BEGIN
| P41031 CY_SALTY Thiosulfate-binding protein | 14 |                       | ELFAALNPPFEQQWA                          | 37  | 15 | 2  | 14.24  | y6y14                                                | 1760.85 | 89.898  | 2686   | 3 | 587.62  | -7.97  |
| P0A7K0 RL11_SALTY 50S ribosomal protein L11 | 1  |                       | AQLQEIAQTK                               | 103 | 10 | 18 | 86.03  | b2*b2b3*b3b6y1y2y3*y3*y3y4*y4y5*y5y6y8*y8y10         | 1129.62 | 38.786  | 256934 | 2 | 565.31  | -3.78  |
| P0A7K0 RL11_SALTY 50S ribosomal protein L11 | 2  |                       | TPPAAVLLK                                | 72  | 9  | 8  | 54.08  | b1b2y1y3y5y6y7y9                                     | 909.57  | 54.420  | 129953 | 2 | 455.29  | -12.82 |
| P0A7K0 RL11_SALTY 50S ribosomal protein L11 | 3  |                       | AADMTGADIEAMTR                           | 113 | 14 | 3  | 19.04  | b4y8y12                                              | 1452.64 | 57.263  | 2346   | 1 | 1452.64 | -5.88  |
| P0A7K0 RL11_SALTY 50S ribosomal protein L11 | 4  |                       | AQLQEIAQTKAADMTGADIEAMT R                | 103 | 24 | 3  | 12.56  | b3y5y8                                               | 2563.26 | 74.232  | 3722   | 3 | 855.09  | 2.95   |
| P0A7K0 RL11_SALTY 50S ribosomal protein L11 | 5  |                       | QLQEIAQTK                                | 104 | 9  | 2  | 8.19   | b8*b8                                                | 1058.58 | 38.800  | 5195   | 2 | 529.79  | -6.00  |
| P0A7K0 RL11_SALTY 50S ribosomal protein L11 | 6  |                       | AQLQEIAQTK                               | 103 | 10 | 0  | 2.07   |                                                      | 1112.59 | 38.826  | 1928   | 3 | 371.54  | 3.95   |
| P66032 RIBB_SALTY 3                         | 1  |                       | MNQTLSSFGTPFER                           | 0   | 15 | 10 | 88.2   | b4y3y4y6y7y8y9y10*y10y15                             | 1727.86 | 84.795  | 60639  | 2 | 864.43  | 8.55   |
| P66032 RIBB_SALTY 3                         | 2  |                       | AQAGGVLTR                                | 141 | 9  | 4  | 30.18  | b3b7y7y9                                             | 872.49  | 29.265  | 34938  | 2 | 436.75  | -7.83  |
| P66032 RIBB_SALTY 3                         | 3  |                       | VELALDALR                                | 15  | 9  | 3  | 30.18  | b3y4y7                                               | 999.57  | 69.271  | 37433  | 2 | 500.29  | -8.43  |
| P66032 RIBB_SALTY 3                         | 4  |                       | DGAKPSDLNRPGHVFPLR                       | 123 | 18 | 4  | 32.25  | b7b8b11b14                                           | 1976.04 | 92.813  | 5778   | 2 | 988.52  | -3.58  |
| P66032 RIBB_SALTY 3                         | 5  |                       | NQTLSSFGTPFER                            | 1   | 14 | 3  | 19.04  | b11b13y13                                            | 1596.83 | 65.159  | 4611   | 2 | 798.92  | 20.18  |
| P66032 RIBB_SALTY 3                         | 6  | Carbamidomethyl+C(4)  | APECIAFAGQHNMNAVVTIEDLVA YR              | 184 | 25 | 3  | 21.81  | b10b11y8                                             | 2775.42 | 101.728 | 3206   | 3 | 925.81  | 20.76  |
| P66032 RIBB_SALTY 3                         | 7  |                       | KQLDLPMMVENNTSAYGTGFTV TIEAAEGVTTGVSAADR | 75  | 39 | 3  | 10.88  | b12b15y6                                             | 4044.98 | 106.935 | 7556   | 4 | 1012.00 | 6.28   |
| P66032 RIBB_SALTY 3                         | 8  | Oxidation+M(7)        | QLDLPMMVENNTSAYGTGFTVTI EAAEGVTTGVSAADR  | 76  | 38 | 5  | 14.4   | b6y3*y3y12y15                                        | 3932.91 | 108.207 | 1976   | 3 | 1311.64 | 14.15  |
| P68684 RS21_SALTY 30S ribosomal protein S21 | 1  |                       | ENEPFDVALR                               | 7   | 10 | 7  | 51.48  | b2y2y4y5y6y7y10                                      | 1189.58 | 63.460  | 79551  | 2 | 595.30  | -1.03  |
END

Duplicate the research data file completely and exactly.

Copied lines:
| P41031 CY_SALTY Thiosulfate-binding protein | 14 |                       | ELFAALNPPFEQQWA                          | 37  | 15 | 2  | 14.24  | y6y14                                                | 1760.85 | 89.898  | 2686   | 3 | 587.62  | -7.97  |
| P0A7K0 RL11_SALTY 50S ribosomal protein L11 | 1  |                       | AQLQEIAQTK                               | 103 | 10 | 18 | 86.03  | b2*b2b3*b3b6y1y2y3*y3*y3y4*y4y5*y5y6y8*y8y10         | 1129.62 | 38.786  | 256934 | 2 | 565.31  | -3.78  |
| P0A7K0 RL11_SALTY 50S ribosomal protein L11 | 2  |                       | TPPAAVLLK                                | 72  | 9  | 8  | 54.08  | b1b2y1y3y5y6y7y9                                     | 909.57  | 54.420  | 129953 | 2 | 455.29  | -12.82 |
| P0A7K0 RL11_SALTY 50S ribosomal protein L11 | 3  |                       | AADMTGADIEAMTR                           | 113 | 14 | 3  | 19.04  | b4y8y12                                              | 1452.64 | 57.263  | 2346   | 1 | 1452.64 | -5.88  |
| P0A7K0 RL11_SALTY 50S ribosomal protein L11 | 4  |                       | AQLQEIAQTKAADMTGADIEAMT R                | 103 | 24 | 3  | 12.56  | b3y5y8                                               | 2563.26 | 74.232  | 3722   | 3 | 855.09  | 2.95   |
| P0A7K0 RL11_SALTY 50S ribosomal protein L11 | 5  |                       | QLQEIAQTK                                | 104 | 9  | 2  | 8.19   | b8*b8                                                | 1058.58 | 38.800  | 5195   | 2 | 529.79  | -6.00  |
| P0A7K0 RL11_SALTY 50S ribosomal protein L11 | 6  |                       | AQLQEIAQTK                               | 103 | 10 | 0  | 2.07   |                                                      | 1112.59 | 38.826  | 1928   | 3 | 371.54  | 3.95   |
| P66032 RIBB_SALTY 3                         | 1  |                       | MNQTLSSFGTPFER                           | 0   | 15 | 10 | 88.2   | b4y3y4y6y7y8y9y10*y10y15                             | 1727.86 | 84.795  | 60639  | 2 | 864.43  | 8.55   |
| P66032 RIBB_SALTY 3                         | 2  |                       | AQAGGVLTR                                | 141 | 9  | 4  | 30.18  | b3b7y7y9                                             | 872.49  | 29.265  | 34938  | 2 | 436.75  | -7.83  |
| P66032 RIBB_SALTY 3                         | 3  |                       | VELALDALR                                | 15  | 9  | 3  | 30.18  | b3y4y7                                               | 999.57  | 69.271  | 37433  | 2 | 500.29  | -8.43  |
| P66032 RIBB_SALTY 3                         | 4  |                       | DGAKPSDLNRPGHVFPLR                       | 123 | 18 | 4  | 32.25  | b7b8b11b14                                           | 1976.04 | 92.813  | 5778   | 2 | 988.52  | -3.58  |
| P66032 RIBB_SALTY 3                         | 5  |                       | NQTLSSFGTPFER                            | 1   | 14 | 3  | 19.04  | b11b13y13                                            | 1596.83 | 65.159  | 4611   | 2 | 798.92  | 20.18  |
| P66032 RIBB_SALTY 3                         | 6  | Carbamidomethyl+C(4)  | APECIAFAGQHNMNAVVTIEDLVA YR              | 184 | 25 | 3  | 21.81  | b10b11y8                                             | 2775.42 | 101.728 | 3206   | 3 | 925.81  | 20.76  |
| P66032 RIBB_SALTY 3                         | 7  |                       | KQLDLPMMVENNTSAYGTGFTV TIEAAEGVTTGVSAADR | 75  | 39 | 3  | 10.88  | b12b15y6                                             | 4044.98 | 106.935 | 7556   | 4 | 1012.00 | 6.28   |
| P66032 RIBB_SALTY 3                         | 8  | Oxidation+M(7)        | QLDLPMMVENNTSAYGTGFTVTI EAAEGVTTGVSAADR  | 76  | 38 | 5  | 14.4   | b6y3*y3y12y15                                        | 3932.91 | 108.207 | 1976   | 3 | 1311.64 | 14.15  |
| P68684 RS21_SALTY 30S ribosomal protein S21 | 1  |                       | ENEPFDVALR                               | 7   | 10 | 7  | 51.48  | b2y2y4y5y6y7y10                                      | 1189.58 | 63.460  | 79551  | 2 | 595.30  | -1.03  |